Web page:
4. Fill out the customer journey map

For this step, you’ll need to think about your personas. Which activities do they complete along their customer journey? Which channels do they use for each activity?

Remember, the exact journey isn't the same for each customer. Some customers will make a quick decision and move from discovery to purchase right away on a single channel. Others will take more time to research, compare, and ask questions across several channels.

For each persona, plot a point for each activity on the map and then connect the dots.

How to use a customer journey map

Here’s where things get fun (and actionable)! You’ll use the map to find opportunities to increase conversions and improve the customer experience.

Plotting your known high points and low points

First, mark your known pain points on the customer journey map.

A great starting place is to check in with your support team and find out what problems they address daily. For example, they might tell you that site visitors often chat because they’re confused about the pricing on your website.

You can also use any survey results you already have to find any problem areas. You might have a customer satisfaction survey that shows that your customers think it takes too long to get through to anyone on the phone when they need help.

Now, you’ve already identified a couple of optimization opportunities! Go ahead and mark them on the map.

You can do the same thing for places where you’re currently doing great. Do you often hear positive feedback from customers about how smooth your signup process is or how helpful your content marketing is? Add that to the map!

Discovering new opportunities

What about the interactions that aren’t positive or negative? At this point, you’ll use your analytics data and qualitative feedback to fill in the gaps in your customer journey map.

Maybe there are places where you might suspect there’s room for improvement, but you’re not sure what’s going wrong or what needs to be fixed. For example, when you look at your analytics, where are visitors bouncing from your site, abandoning their orders, or unsubscribing from your emails? When do they stop replying to your sales team’s outreach efforts? These actions tell you that there’s room for improvement and optimization.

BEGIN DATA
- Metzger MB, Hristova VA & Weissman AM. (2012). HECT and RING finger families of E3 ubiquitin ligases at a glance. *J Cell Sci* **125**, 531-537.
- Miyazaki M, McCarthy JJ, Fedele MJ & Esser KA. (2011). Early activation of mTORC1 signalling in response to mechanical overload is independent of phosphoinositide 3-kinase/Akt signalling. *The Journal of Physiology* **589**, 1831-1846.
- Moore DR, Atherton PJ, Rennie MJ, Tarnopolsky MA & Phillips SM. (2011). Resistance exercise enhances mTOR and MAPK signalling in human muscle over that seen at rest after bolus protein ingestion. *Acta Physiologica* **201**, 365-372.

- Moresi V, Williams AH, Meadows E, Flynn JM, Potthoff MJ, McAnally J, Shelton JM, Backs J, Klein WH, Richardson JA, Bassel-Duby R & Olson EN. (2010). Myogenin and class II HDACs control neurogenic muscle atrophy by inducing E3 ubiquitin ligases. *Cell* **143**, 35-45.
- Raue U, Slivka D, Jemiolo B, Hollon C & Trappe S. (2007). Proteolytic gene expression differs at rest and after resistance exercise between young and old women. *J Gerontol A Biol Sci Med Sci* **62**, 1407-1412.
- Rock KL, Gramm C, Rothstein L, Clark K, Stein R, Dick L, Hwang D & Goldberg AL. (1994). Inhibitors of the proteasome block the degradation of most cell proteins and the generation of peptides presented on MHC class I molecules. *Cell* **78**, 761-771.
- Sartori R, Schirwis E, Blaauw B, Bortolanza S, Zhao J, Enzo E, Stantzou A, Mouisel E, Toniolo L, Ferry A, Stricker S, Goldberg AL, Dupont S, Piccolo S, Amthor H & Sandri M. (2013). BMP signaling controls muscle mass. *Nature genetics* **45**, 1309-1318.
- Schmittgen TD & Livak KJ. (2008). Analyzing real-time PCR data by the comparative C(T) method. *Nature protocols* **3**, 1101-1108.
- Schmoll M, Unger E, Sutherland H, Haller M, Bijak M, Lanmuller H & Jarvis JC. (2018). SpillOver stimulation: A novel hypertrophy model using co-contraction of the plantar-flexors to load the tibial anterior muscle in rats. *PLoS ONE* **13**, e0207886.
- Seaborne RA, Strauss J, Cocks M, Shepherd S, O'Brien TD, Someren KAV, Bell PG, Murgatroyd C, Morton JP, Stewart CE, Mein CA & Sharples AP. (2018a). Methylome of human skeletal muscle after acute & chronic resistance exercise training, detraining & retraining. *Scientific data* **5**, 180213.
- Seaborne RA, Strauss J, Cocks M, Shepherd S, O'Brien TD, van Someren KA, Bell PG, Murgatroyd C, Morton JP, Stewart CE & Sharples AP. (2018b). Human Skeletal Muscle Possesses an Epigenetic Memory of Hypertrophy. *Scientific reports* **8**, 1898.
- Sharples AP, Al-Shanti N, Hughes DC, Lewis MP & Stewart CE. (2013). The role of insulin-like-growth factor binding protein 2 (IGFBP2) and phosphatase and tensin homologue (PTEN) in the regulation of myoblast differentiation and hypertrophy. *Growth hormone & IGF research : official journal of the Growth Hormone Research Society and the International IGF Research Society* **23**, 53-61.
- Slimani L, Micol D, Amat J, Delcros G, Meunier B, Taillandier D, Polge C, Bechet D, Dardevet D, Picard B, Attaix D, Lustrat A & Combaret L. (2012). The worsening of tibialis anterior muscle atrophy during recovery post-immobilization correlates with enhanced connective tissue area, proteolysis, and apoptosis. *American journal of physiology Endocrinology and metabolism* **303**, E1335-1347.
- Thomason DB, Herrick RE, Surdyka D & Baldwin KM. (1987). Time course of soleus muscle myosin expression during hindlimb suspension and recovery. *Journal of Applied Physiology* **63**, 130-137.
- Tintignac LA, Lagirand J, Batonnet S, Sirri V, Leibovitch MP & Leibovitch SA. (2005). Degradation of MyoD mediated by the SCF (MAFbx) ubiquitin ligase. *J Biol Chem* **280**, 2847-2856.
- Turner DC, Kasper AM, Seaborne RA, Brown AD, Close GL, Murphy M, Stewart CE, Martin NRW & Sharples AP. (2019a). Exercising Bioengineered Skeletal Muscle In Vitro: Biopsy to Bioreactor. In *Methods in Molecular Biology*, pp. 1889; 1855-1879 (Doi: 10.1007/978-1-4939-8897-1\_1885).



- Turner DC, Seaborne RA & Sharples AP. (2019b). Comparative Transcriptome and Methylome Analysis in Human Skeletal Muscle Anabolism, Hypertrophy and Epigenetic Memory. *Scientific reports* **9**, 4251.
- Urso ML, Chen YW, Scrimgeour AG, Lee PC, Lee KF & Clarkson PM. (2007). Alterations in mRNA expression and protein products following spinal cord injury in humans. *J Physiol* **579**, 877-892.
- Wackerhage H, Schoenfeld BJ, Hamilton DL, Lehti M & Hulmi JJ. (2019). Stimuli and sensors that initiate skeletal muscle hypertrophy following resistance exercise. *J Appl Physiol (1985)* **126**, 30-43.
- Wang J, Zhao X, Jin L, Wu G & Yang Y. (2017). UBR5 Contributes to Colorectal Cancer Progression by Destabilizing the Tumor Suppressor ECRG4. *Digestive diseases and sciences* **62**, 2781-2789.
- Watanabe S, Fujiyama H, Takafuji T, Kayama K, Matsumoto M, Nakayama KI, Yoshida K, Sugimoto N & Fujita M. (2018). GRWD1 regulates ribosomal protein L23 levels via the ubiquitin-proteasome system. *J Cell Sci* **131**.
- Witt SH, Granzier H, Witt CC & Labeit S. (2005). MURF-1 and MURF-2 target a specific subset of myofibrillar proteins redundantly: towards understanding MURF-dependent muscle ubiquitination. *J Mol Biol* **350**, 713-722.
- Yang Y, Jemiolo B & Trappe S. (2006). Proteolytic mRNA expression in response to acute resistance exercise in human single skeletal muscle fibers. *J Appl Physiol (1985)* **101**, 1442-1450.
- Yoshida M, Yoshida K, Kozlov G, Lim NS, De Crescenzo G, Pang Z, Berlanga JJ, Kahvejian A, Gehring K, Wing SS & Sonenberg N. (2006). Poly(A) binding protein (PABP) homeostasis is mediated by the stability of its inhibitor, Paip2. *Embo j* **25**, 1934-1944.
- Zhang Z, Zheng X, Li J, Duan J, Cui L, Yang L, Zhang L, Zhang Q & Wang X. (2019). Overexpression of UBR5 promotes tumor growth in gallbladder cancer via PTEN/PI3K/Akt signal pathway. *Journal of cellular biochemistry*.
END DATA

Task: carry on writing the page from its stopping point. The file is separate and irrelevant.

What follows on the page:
So how do you determine what’s going wrong at these points? The best bet is to ask your customers directly. Ask questions like:

On a scale of 1 (very unlikely) to 10 (very likely), how likely would you be to recommend our company to a friend, and why?

What would you change about this product if you had a magic wand?

How did your experience today compare to your expectations? Why?

You can ask these questions via a survey, a user test, or even over the phone, depending on what stage you’re investigating.

By now, your map should be getting pretty full. Give yourself bonus points if you can add a few words describing the customer's mindset at each interaction.

Testing a customer journey map

To test a customer journey map, teams need a strong balance of qualitative and quantitative data to understand what it’s like to be their customer. 

Quantitative data for customer journey maps

Quantitative research gives teams a high-level view of customer behavior at each stage of the journey map. The data is focused on understanding behavior in numbers. The more customers who go through the journey map, the better teams will be able to identify trends. 

Suppose a team is gathering quantitative data on a journey map for their website, for instance. In that case, they’ll look at factors like traffic sources, conversion rates, drop-offs, heatmaps, treemaps, and more to understand the moves customers make at each touchpoint. Quantitative data can also include survey responses, ratings, A/B tests, or web analytics that might help the team benchmark performance. 

Qualitative data for customer journey maps

Often, quantitative data will illuminate problems that only qualitative data can solve. It’s valuable to know that customers are dropping off at a specific touchpoint, but understanding why they’re dropping off is the key to innovation. 

Qualitative testing allows teams to drill deeper into human behavior's reasons. This type of research is focused on subjective emotional components and non-numerical data. Teams seek to understand customers’ values, opinions, and choices based on observation and interviews.